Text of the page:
One of the main properties of locally connected spaces is that their connected components are clopen and thus, they are homeomorphic to the colimit of their connected components.

This is good to study the $\Pi_0$ functor, it gets a right adjoint.

At the topos level, a topos is declared locally connected precisely if we have such an adjunction (or equivalently if every object is isomorphic to the coproduct of connected objects).

But, being locally connected is more than just having open connected components (see all the classical connected but not locally connected spaces).

My questions are : why are people interested in locally connected spaces and not in spaces with open connected components ?

Is there a full sub-category of $\textrm{Top}$ with all connected and locally connected spaces on which $\Pi_0$ has a right adjoint ?

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    $\begingroup$ Your queestion is backwards, really. Lots of spaces in which people are interested happen to be locally connected and that property is useful on occasion, so we abstract it and study locally connected spaces... $\endgroup$ – Mariano Suárez-Álvarez Sep 28 '13 at 20:16
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    $\begingroup$ In fact, I would say that it takes some inventiveness to come up with a space which is not locally connected... $\endgroup$ – Mariano Suárez-Álvarez Sep 28 '13 at 20:17
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    $\begingroup$ I'd like to see a good answer to this question, but it seems to me that at least in elementary algebraic topology there is not that much emphasis put to locally connected spaces. This is too weak a condition to develop covering theory and later on it is often very conveniant to assume that your space is a CW-complex. $\endgroup$ – Piotr Pstrągowski Sep 30 '13 at 17:04
  • $\begingroup$ Good question, deserves more love. $\endgroup$ – goblin Oct 4 '15 at 10:42
  • $\begingroup$ @goblin could you take a look at my answer and make sure I haven't written nonsense? $\endgroup$ – Arrow May 29 '16 at 22:23

From a categorical perspective, the subcategory of $\mathsf{Top}$ generated by spaces with open connected components does not have pullbacks.

Borceux and Janelidze, Galois Theories, section 6.4:

The category $\mathsf{Top}$ of topological spaces is extensive, but not of the form $\mathsf{Fam}(\mathcal A)$. On the other hand the category of topological spaces with open connected components (see proposition 6.1.1), which is the "obvious best replacement" of $\mathsf{Top}$ by a category of the form $\mathsf{Fam}(\mathcal A)$, does not have pullbacks.

Regarding your second question (there's probably a mistake somewhere, since I doubt nobody else would have thought of this before):

First of all, I think $\Pi_0$ has a right adjoint whenever it exists and $\mathcal A$ admits a terminal object. It is given by the discrete functor $H$ defined by $A\mapsto A\cdot \mathbf{1}=\coprod_A\mathbf{1}$. The very existence of a connected components functor means your category is actually of the form $\mathsf{Fam}(\mathcal A)$ i.e is a free coproduct cocompletion. These are precisely the extensive categories in which every object has a presentation as a coproduct of connected objects - the connected components.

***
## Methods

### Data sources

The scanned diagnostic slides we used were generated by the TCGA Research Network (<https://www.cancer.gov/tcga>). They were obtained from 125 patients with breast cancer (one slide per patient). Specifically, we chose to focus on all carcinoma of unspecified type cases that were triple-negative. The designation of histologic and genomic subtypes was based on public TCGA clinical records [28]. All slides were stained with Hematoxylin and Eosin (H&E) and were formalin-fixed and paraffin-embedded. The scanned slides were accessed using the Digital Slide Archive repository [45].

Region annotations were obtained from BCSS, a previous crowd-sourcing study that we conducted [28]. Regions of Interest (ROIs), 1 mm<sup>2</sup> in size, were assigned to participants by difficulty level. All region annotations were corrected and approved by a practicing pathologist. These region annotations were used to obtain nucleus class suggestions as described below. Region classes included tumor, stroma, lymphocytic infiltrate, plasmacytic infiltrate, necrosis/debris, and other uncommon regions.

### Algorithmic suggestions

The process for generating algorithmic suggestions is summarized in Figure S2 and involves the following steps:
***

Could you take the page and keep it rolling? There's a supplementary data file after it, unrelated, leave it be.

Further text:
Now, I think that for a space $X$ TFAE:

  • $X$ is the coproduct of its connected components.
  • $X$ has open connected components.

Proof. The fact $\mathsf{Top}$ is extensive ensures a coproduct decomposition is unique up to homeomorphism. By definition a space is disconnected if it has a nontrivial coproduct presentation by open subspaces. Hence, the uniqueness up to isomorphism guarantees that if $X$ is the coproduct of its connected components, they are open. You already wrote the converse.

This means the largest full subcategory of $\mathsf{Top}$ on which $\Pi_0$ is defined is the category of spaces with open connected components.

Added. In any category there is a notion of connected object. This notion is especially well behaved in extensive categories, in which coproducts interact well with pullback. In a "spatial" category, ideally, every object should have a presentation as a unique up to iso coproduct of connected objects - a canonical decomposition into simple parts. However, this is often not true - totally disconnected spaces need not be discrete and so are not the coproducts of copies of $\mathbf{1}$.

Given a category $\mathcal A$, $\mathsf{Fam}(\mathcal A)$ is its free coproduct completion. What it does is freely append coproducts of connected objects. It can be defined as a fibration, as in section 6.1 of Galois Theories

For a family $(A_i)_{i\in I}$ of objects of a category $\mathcal A$ we write $$(A_i)_{i\in I}=A=(A_i)_{i\in I(A)}$$ considering $I$ as a functor $$I:\mathsf{Fam}(\mathcal A)\longrightarrow \mathsf{Set}$$ from the category of all families of objects in $\mathcal A$ to the category of sets.

In this way, (writing $\Pi_0=I$) every object $(A_i)_{i\in \Pi_0(A)}$ in $\mathsf{Fam}(\mathcal A)$ is identified as the collection of connected components of the object $\coprod_{i\in \Pi_0(A)}A_i$.

The existence of $\Pi_0$ is the equivalent to saying that every object has a unique up to iso presentation as a coproduct of connected objects, and that's why it's important.

  • $\begingroup$ It would be nice if you could give a vague, imprecise, birds-eye overview of what $\mathsf{Fam}(-)$ is and why its interesting. $\endgroup$ – goblin May 30 '16 at 6:45
  • $\begingroup$ @goblin tried to do that :) $\endgroup$ – Arrow May 30 '16 at 8:21

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